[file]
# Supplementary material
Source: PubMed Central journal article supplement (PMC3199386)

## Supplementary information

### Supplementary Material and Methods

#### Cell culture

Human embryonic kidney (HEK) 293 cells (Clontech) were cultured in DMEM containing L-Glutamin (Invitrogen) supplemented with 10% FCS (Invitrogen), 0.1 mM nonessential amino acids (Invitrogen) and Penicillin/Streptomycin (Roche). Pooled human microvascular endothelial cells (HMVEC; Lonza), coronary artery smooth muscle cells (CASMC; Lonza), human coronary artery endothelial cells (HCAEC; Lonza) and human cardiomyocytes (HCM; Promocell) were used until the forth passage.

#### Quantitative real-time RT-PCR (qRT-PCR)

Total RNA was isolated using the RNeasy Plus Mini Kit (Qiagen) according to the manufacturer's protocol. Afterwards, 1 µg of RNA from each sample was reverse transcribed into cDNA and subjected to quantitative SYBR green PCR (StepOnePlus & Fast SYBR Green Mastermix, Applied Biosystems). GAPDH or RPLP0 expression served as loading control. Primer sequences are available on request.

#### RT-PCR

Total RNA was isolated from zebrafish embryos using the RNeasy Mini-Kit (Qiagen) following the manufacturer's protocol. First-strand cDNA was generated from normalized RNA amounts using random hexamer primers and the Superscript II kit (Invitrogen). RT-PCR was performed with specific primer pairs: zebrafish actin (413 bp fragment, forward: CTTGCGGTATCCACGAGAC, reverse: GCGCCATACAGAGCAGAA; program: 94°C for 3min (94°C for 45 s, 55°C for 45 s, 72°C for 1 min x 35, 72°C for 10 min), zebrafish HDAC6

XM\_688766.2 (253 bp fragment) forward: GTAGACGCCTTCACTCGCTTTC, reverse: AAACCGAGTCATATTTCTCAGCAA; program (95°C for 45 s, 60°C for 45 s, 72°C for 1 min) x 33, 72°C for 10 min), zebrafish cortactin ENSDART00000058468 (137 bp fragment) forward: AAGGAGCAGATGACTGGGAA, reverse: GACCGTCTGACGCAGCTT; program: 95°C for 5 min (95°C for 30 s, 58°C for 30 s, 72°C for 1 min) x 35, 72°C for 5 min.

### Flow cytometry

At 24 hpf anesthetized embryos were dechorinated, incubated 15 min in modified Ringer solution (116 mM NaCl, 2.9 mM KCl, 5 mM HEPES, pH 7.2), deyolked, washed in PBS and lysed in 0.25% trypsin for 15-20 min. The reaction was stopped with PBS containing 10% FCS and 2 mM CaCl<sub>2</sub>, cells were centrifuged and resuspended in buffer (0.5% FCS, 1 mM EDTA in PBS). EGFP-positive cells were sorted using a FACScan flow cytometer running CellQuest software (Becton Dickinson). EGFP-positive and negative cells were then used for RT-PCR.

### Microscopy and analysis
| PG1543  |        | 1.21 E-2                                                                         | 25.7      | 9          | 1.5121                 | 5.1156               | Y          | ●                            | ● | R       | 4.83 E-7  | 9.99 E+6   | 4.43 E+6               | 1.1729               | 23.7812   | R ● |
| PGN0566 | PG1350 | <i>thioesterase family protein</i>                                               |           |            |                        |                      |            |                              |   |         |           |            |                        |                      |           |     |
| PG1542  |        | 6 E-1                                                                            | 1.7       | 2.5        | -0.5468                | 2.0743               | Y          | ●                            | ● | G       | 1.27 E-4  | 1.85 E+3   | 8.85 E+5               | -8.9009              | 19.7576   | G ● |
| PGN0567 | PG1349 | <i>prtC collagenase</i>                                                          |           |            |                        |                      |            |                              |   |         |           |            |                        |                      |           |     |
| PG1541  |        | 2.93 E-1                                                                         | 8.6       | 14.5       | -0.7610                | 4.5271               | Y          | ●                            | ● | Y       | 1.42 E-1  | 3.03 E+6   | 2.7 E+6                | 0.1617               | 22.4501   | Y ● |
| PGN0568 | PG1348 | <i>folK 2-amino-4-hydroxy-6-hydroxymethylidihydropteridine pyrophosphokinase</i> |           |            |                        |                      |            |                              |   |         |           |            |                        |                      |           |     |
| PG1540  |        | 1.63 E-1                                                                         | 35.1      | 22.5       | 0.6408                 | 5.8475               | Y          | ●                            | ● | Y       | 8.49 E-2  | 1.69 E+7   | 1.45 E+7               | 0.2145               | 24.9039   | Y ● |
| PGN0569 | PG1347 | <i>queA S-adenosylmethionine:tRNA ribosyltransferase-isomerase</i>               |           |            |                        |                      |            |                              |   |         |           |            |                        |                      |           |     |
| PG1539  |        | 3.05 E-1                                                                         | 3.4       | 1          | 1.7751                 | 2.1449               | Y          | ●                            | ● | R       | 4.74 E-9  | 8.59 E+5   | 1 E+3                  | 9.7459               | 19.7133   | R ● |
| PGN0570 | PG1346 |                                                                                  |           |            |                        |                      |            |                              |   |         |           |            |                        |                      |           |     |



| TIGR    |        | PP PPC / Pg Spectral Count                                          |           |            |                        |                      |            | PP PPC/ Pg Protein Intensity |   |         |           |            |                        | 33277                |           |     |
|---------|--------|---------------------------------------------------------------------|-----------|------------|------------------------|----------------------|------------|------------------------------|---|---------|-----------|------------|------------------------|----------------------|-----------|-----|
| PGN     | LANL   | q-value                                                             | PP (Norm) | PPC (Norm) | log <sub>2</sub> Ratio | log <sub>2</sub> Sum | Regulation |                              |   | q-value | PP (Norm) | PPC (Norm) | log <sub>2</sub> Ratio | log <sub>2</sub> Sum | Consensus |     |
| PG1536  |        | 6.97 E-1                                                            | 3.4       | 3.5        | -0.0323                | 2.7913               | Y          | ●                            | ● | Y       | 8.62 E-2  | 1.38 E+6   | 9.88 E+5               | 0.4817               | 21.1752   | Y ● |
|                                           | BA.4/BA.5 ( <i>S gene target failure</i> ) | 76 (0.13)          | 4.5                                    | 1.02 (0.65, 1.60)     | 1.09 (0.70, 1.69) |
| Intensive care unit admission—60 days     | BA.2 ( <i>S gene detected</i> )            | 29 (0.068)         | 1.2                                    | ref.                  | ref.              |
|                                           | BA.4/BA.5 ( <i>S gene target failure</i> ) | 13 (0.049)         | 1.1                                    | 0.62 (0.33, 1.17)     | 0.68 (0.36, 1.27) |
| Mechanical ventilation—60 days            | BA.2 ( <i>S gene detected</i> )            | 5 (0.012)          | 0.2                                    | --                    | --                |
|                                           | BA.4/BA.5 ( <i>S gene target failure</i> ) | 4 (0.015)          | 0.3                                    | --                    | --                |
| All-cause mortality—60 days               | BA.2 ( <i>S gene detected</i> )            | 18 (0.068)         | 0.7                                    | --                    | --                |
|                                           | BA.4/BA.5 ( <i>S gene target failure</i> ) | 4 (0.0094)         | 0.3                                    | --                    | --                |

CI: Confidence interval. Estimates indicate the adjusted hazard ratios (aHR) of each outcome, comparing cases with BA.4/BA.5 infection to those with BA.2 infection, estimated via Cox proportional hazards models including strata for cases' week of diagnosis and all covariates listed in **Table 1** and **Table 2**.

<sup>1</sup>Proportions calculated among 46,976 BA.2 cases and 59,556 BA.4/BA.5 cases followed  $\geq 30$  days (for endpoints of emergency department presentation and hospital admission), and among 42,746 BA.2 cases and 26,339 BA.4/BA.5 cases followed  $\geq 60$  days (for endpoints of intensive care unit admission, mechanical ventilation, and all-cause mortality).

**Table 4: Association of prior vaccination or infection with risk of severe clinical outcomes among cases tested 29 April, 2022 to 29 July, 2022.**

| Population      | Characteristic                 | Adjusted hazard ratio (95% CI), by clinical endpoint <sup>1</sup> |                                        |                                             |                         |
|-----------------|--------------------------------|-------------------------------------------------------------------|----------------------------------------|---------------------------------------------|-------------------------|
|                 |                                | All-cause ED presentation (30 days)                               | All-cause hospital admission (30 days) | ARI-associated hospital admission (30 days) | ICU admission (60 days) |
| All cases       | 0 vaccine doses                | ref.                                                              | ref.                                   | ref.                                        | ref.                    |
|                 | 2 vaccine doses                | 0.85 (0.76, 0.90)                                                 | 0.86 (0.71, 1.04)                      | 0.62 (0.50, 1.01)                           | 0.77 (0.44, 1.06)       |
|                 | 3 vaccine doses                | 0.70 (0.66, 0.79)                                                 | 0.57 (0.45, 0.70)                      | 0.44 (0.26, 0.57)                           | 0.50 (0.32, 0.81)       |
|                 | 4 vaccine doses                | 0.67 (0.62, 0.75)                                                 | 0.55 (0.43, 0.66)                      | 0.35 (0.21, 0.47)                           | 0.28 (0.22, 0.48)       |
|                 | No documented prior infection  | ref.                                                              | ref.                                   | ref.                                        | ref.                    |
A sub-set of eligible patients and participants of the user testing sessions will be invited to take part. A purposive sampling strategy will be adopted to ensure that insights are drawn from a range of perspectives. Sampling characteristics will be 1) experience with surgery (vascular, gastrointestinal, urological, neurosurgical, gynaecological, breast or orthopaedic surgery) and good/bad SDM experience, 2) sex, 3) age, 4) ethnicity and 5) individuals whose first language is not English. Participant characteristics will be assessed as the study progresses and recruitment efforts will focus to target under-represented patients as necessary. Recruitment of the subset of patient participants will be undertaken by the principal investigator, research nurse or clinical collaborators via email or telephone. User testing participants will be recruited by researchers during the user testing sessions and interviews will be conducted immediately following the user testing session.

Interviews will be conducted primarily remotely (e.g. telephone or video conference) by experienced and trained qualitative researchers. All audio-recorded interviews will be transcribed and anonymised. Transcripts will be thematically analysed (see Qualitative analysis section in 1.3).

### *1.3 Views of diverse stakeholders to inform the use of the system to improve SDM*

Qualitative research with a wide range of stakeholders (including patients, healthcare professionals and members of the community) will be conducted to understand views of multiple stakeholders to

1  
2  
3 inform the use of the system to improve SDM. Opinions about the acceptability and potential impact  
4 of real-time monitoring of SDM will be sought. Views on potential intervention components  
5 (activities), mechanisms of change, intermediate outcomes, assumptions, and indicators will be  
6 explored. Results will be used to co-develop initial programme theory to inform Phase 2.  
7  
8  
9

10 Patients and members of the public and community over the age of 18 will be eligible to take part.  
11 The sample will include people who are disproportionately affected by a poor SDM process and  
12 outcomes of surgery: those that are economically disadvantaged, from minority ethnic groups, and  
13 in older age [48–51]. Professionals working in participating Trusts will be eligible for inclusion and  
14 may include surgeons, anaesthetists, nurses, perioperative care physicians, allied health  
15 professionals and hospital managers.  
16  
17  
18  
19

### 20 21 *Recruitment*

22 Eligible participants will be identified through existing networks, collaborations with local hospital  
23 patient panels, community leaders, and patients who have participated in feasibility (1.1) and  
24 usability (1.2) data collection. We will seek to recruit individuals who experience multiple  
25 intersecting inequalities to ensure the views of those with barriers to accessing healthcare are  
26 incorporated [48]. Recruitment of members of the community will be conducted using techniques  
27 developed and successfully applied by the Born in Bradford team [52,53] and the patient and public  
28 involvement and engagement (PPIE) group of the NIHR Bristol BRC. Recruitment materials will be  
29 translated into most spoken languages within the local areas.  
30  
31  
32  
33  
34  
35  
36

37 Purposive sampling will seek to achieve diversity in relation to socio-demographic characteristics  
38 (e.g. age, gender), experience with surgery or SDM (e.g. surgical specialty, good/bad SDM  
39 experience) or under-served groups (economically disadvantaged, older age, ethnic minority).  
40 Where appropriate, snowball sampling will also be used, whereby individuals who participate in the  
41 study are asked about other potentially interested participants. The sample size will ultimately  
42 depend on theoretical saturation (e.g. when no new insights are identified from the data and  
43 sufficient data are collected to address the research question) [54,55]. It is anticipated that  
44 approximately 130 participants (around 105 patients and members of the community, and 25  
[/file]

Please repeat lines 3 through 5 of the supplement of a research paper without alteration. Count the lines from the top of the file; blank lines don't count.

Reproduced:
## Supplementary information

### Supplementary Material and Methods

#### Cell culture